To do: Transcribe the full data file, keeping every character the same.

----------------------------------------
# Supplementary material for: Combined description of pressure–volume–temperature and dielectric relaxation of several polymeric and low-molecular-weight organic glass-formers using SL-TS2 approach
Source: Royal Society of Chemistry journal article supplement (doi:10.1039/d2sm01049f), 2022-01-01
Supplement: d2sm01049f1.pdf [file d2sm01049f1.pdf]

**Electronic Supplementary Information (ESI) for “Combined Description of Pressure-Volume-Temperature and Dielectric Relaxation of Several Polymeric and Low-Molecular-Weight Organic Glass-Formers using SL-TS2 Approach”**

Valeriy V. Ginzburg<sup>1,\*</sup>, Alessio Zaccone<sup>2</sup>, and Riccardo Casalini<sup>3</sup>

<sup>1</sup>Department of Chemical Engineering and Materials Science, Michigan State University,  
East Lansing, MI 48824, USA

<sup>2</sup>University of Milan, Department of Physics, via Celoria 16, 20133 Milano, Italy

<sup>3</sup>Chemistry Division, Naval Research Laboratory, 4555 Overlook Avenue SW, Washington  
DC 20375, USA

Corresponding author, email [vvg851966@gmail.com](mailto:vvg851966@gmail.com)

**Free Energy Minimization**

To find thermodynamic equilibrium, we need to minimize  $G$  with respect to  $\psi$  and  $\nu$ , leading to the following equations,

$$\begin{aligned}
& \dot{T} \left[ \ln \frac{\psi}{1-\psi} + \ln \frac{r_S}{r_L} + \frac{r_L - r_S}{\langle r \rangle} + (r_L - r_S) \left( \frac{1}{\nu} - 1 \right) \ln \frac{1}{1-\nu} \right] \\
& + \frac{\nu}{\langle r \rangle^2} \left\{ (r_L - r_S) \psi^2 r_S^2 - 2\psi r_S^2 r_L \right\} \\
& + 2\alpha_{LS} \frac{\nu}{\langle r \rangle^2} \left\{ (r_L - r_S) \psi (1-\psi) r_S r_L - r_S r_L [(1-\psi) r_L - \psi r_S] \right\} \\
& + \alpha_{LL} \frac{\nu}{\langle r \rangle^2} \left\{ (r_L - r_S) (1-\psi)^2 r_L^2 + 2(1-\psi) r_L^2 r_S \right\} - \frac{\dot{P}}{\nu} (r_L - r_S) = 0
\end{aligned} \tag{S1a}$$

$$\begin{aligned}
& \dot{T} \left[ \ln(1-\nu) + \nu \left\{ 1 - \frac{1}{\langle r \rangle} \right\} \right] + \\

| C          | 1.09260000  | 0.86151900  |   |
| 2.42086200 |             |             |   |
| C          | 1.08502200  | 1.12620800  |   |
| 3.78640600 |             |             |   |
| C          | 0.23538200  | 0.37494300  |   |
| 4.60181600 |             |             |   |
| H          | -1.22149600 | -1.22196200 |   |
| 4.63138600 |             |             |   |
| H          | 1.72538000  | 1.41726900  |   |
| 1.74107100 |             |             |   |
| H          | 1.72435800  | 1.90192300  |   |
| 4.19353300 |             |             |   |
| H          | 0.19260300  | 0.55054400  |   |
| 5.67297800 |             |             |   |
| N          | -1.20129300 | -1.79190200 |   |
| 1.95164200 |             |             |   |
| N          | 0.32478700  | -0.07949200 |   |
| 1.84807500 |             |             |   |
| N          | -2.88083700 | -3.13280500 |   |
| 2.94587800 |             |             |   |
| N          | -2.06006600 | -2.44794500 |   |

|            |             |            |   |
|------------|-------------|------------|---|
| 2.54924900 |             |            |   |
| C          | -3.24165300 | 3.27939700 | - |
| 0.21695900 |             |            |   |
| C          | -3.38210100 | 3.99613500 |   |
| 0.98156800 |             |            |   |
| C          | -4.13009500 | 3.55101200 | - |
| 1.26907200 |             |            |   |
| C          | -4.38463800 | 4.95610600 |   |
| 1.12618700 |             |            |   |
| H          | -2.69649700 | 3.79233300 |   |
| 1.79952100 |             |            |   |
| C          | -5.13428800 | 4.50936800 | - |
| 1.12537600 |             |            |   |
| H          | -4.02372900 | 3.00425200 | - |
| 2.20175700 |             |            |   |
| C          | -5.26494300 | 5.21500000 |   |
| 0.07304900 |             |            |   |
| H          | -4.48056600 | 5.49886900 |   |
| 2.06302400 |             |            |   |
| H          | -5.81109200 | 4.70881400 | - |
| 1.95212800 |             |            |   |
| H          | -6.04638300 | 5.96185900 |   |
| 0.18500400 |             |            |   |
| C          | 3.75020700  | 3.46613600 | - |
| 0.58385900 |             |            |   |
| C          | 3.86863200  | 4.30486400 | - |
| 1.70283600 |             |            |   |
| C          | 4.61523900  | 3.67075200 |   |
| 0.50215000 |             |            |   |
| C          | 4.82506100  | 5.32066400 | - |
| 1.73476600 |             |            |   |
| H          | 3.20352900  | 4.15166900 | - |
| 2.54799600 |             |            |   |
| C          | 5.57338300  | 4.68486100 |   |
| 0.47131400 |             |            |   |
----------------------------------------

# Supplementary material for: Combined description of pressure–volume–temperature and dielectric relaxation of several polymeric and low-molecular-weight organic glass-formers using SL-TS2 approach
Source: Royal Society of Chemistry journal article supplement (doi:10.1039/d2sm01049f), 2022-01-01
Supplement: d2sm01049f1.pdf [file d2sm01049f1.pdf]

**Electronic Supplementary Information (ESI) for “Combined Description of Pressure-Volume-Temperature and Dielectric Relaxation of Several Polymeric and Low-Molecular-Weight Organic Glass-Formers using SL-TS2 Approach”**

Valeriy V. Ginzburg<sup>1,\*</sup>, Alessio Zaccone<sup>2</sup>, and Riccardo Casalini<sup>3</sup>

<sup>1</sup>Department of Chemical Engineering and Materials Science, Michigan State University,  
East Lansing, MI 48824, USA

<sup>2</sup>University of Milan, Department of Physics, via Celoria 16, 20133 Milano, Italy

<sup>3</sup>Chemistry Division, Naval Research Laboratory, 4555 Overlook Avenue SW, Washington  
DC 20375, USA

Corresponding author, email [vvg851966@gmail.com](mailto:vvg851966@gmail.com)

**Free Energy Minimization**

To find thermodynamic equilibrium, we need to minimize  $G$  with respect to  $\psi$  and  $\nu$ , leading to the following equations,

$$\begin{aligned}
& \dot{T} \left[ \ln \frac{\psi}{1-\psi} + \ln \frac{r_S}{r_L} + \frac{r_L - r_S}{\langle r \rangle} + (r_L - r_S) \left( \frac{1}{\nu} - 1 \right) \ln \frac{1}{1-\nu} \right] \\
& + \frac{\nu}{\langle r \rangle^2} \left\{ (r_L - r_S) \psi^2 r_S^2 - 2\psi r_S^2 r_L \right\} \\
& + 2\alpha_{LS} \frac{\nu}{\langle r \rangle^2} \left\{ (r_L - r_S) \psi (1-\psi) r_S r_L - r_S r_L [(1-\psi) r_L - \psi r_S] \right\} \\
& + \alpha_{LL} \frac{\nu}{\langle r \rangle^2} \left\{ (r_L - r_S) (1-\psi)^2 r_L^2 + 2(1-\psi) r_L^2 r_S \right\} - \frac{\dot{P}}{\nu} (r_L - r_S) = 0
\end{aligned} \tag{S1a}$$

$$\begin{aligned}
& \dot{T} \left[ \ln(1-\nu) + \nu \left\{ 1 - \frac{1}{\langle r \rangle} \right\} \right] + \\

| C          | 1.09260000  | 0.86151900  |   |
| 2.42086200 |             |             |   |
| C          | 1.08502200  | 1.12620800  |   |
| 3.78640600 |             |             |   |
| C          | 0.23538200  | 0.37494300  |   |
| 4.60181600 |             |             |   |
| H          | -1.22149600 | -1.22196200 |   |
| 4.63138600 |             |             |   |
| H          | 1.72538000  | 1.41726900  |   |
| 1.74107100 |             |             |   |
| H          | 1.72435800  | 1.90192300  |   |
| 4.19353300 |             |             |   |
| H          | 0.19260300  | 0.55054400  |   |
| 5.67297800 |             |             |   |
| N          | -1.20129300 | -1.79190200 |   |
| 1.95164200 |             |             |   |
| N          | 0.32478700  | -0.07949200 |   |
| 1.84807500 |             |             |   |
| N          | -2.88083700 | -3.13280500 |   |
| 2.94587800 |             |             |   |
| N          | -2.06006600 | -2.44794500 |   |

|            |             |            |   |
|------------|-------------|------------|---|
| 2.54924900 |             |            |   |
| C          | -3.24165300 | 3.27939700 | - |
| 0.21695900 |             |            |   |
| C          | -3.38210100 | 3.99613500 |   |
| 0.98156800 |             |            |   |
| C          | -4.13009500 | 3.55101200 | - |
| 1.26907200 |             |            |   |
| C          | -4.38463800 | 4.95610600 |   |
| 1.12618700 |             |            |   |
| H          | -2.69649700 | 3.79233300 |   |
| 1.79952100 |             |            |   |
| C          | -5.13428800 | 4.50936800 | - |
| 1.12537600 |             |            |   |
| H          | -4.02372900 | 3.00425200 | - |
| 2.20175700 |             |            |   |
| C          | -5.26494300 | 5.21500000 |   |
| 0.07304900 |             |            |   |
| H          | -4.48056600 | 5.49886900 |   |
| 2.06302400 |             |            |   |
| H          | -5.81109200 | 4.70881400 | - |
| 1.95212800 |             |            |   |
| H          | -6.04638300 | 5.96185900 |   |
| 0.18500400 |             |            |   |
| C          | 3.75020700  | 3.46613600 | - |
| 0.58385900 |             |            |   |
| C          | 3.86863200  | 4.30486400 | - |
| 1.70283600 |             |            |   |
| C          | 4.61523900  | 3.67075200 |   |
| 0.50215000 |             |            |   |
| C          | 4.82506100  | 5.32066400 | - |
| 1.73476600 |             |            |   |
| H          | 3.20352900  | 4.15166900 | - |
| 2.54799600 |             |            |   |
| C          | 5.57338300  | 4.68486100 |   |
| 0.47131400 |             |            |   |